Mumbai: The Enforcement Directorate (ED) is probing alleged foreign exchange rule violations by 28 Indian firms that raised funds overseas through quasi-equity instruments such as foreign currency convertible bonds, or FCCBs, in 2005.
The directorate was asked by the Reserve Bank of India (RBI) to investigate these firms for possible violations of the Foreign Exchange Management Act (Fema) in raising funds through such instruments, said an ED official familiar with the case.
“RBI sent us a list of 28 companies that had raised money through FCCBs, ECBs (external commercial borrowings) and GDRs (global depositary receipts) in 2005 as it suspects manipulation in raising funds,” this official said.
ED, which deals with Fema violations, has now asked these firms to submit all information related to the sale of such instruments. The ED official, who didn’t want to be named as he’s not authorized to speak on the case with the media, declined to identify the companies or give additional details, but said several reputed firms were being probed.
Also See List of firms that raised money through ECBs, FCCBs and GDRs (PDF)
At least 430 firms raised money through FCCBs, ECBs and GDRs in 2005. The 28 represent around 6.5% of the total number.
A probe by ED isn’t by itself an indication of any wrongdoing by the companies. Mint has ascertained the names of three of the 28 firms so far. They are Indiabulls Financial Services Ltd, Hotel Leela Venture Ltd and Aarti Drugs Ltd.
“Since it is a matter related to a quasi-judicial body, I would not like to comment on the issue,” said Gagan Banga, chief executive of Indiabulls Financial.
A senior official of Hotel Leela, who did not want to be named, said: “It is an old matter. We had received certain communication from the department (ED). We have submitted all the documents and letters of approval from RBI and ED has not got back to us on the matter. We think the agency is satisfied with our response.”
Also See India FCCBs (PDF)
Harshit Savla, joint managing director of Aarti Drugs, said: “A general investigation was carried out. They (ED) wanted to know details of the FCCB raised in 2005. We informed them that the company had already repaid the FCCB with RBI permission. Now, there is no issue.”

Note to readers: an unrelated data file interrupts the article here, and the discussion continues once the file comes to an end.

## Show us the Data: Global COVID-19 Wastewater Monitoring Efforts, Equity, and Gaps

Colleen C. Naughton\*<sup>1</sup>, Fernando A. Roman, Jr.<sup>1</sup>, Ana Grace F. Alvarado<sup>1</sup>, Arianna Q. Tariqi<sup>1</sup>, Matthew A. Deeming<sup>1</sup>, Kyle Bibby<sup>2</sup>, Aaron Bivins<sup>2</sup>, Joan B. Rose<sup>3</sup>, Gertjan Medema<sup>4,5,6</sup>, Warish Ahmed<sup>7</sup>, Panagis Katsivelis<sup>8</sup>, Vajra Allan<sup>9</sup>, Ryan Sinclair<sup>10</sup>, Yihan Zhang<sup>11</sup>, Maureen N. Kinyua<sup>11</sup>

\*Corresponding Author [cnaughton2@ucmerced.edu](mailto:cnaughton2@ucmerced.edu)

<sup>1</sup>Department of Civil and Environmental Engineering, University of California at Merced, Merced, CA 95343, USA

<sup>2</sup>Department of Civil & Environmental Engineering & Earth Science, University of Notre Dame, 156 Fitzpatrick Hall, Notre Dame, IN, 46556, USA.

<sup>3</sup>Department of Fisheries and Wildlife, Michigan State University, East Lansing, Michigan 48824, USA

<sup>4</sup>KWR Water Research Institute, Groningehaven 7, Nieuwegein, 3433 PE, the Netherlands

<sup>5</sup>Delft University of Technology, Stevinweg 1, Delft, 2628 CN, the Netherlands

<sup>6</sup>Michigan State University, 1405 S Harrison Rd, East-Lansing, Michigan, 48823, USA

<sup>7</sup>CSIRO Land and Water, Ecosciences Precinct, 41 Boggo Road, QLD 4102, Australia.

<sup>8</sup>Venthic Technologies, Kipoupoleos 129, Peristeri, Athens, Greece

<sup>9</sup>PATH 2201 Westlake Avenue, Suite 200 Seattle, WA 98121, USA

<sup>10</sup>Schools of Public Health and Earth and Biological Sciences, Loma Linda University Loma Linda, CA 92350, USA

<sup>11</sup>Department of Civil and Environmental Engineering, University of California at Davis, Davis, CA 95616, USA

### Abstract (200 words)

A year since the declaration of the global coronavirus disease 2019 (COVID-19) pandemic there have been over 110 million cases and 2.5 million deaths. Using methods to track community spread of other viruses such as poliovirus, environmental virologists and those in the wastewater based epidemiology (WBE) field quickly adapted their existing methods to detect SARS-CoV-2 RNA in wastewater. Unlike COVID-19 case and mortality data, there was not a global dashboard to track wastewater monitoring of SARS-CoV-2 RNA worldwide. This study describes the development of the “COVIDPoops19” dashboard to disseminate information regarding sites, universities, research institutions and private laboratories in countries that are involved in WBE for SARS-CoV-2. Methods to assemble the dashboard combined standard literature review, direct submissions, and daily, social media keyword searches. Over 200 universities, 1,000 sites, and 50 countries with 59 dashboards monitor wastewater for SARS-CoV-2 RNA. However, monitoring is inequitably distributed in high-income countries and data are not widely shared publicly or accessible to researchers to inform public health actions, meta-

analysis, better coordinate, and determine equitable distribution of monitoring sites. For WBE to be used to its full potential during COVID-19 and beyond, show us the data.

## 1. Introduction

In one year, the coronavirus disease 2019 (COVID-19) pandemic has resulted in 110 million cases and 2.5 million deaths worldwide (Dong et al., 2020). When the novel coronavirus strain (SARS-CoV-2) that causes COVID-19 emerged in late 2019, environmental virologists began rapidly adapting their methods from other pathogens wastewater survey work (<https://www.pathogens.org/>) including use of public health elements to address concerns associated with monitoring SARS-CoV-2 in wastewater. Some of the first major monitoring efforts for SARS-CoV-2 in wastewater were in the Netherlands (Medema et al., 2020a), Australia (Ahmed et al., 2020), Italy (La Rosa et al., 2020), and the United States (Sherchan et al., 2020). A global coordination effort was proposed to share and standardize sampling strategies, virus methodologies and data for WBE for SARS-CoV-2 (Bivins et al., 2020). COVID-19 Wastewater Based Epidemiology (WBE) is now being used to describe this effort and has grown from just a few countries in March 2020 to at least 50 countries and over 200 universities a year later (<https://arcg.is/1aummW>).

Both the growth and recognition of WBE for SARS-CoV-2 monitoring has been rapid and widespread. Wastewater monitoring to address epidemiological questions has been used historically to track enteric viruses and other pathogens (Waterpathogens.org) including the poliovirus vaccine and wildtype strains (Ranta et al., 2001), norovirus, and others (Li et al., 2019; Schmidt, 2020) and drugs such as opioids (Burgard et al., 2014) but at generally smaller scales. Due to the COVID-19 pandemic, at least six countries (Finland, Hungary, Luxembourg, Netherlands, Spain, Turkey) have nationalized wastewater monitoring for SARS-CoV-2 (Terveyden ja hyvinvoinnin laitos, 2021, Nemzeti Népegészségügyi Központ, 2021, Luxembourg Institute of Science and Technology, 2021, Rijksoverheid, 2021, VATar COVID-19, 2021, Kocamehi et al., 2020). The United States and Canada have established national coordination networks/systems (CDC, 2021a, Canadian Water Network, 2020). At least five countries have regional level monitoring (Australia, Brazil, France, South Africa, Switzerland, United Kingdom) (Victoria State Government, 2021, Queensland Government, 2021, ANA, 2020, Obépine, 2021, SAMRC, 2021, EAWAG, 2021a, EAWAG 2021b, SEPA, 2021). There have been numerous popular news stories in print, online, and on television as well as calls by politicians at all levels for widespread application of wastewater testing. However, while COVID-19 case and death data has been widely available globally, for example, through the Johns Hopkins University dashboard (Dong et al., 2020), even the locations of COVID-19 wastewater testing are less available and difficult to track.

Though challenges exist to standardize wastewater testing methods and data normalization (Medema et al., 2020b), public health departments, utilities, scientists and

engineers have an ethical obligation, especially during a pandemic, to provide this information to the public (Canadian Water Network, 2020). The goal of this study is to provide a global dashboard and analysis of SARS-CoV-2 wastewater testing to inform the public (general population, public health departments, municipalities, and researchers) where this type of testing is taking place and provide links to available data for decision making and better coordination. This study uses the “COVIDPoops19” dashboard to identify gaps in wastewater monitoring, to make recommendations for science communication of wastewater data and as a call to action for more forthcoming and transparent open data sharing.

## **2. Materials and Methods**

In 2005, 34 companies had issued $3.3 billion worth of FCCBs and 19 GDRs worth $1.9 billion, according to data from Thomson Reuters. And 434 firms raised $8.6 billion through ECBs, according to RBI data. Some of the firms that raised money through these routes include Reliance Industries Ltd, HDFC Bank Ltd, Tata Power Co. Ltd, Ranbaxy Laboratories Ltd, Indiabulls Financial and Bharat Forge Ltd.
Firms such as Tata Chemicals Ltd, Uttam Galva Steel Ltd, Jubilant Organosys Ltd and Motherson Sumi Systems Ltd had borrowed both through ECBs and issued FCCBs.
The promoters of HT Media Ltd, which publishes Mint, and those of Jubilant Organosys are closely related. The firms have no promoter cross-holdings.
Bharat Forge, Bajaj Hindusthan Ltd and Orchid Chemicals and Pharmaceuticals Ltd were among firms that had issued FCCBs and GDRs in 2005.
FCCBs are debt instruments typically issued in US dollars, with an option to convert the bonds to equity at a pre-determined price. Such papers, which help firms raise foreign currency funds at attractive rates, are largely zero-coupon bonds where the interest payment is due on maturity. As a result, there is no cash outflow from the issuing company either towards interest payments or for repayment of principal.
FCCBs are usually priced at 30-70% above the prevailing market price of the share, and the holder converts the bonds to equity if the stock price exceeds the conversion price. If the market price does not exceed the option price, the holders do not opt for equity conversion and the issuer will have to redeem the debt.
GDRs are certificates issued by a depository bank that purchases shares of foreign firms and represent ownership of an underlying number of shares. Prices of GDRs are often close to values of related shares, but they are traded and settled independently of the underlying stock. They facilitate trading of shares, and are commonly used to invest in firms abroad.
Indian firms can also borrow from lenders abroad for expansion of existing capacity or as fresh investments under ECBs. These include commercial bank loans, buyers’ and suppliers’ credit, securitized instruments such as floating rate notes and fixed rate bonds, credit from official export credit agencies and commercial borrowings from the private sector window of multilateral financial institutions.
Anita Bhoir and Ashwin Ramarathinam contributed to this story.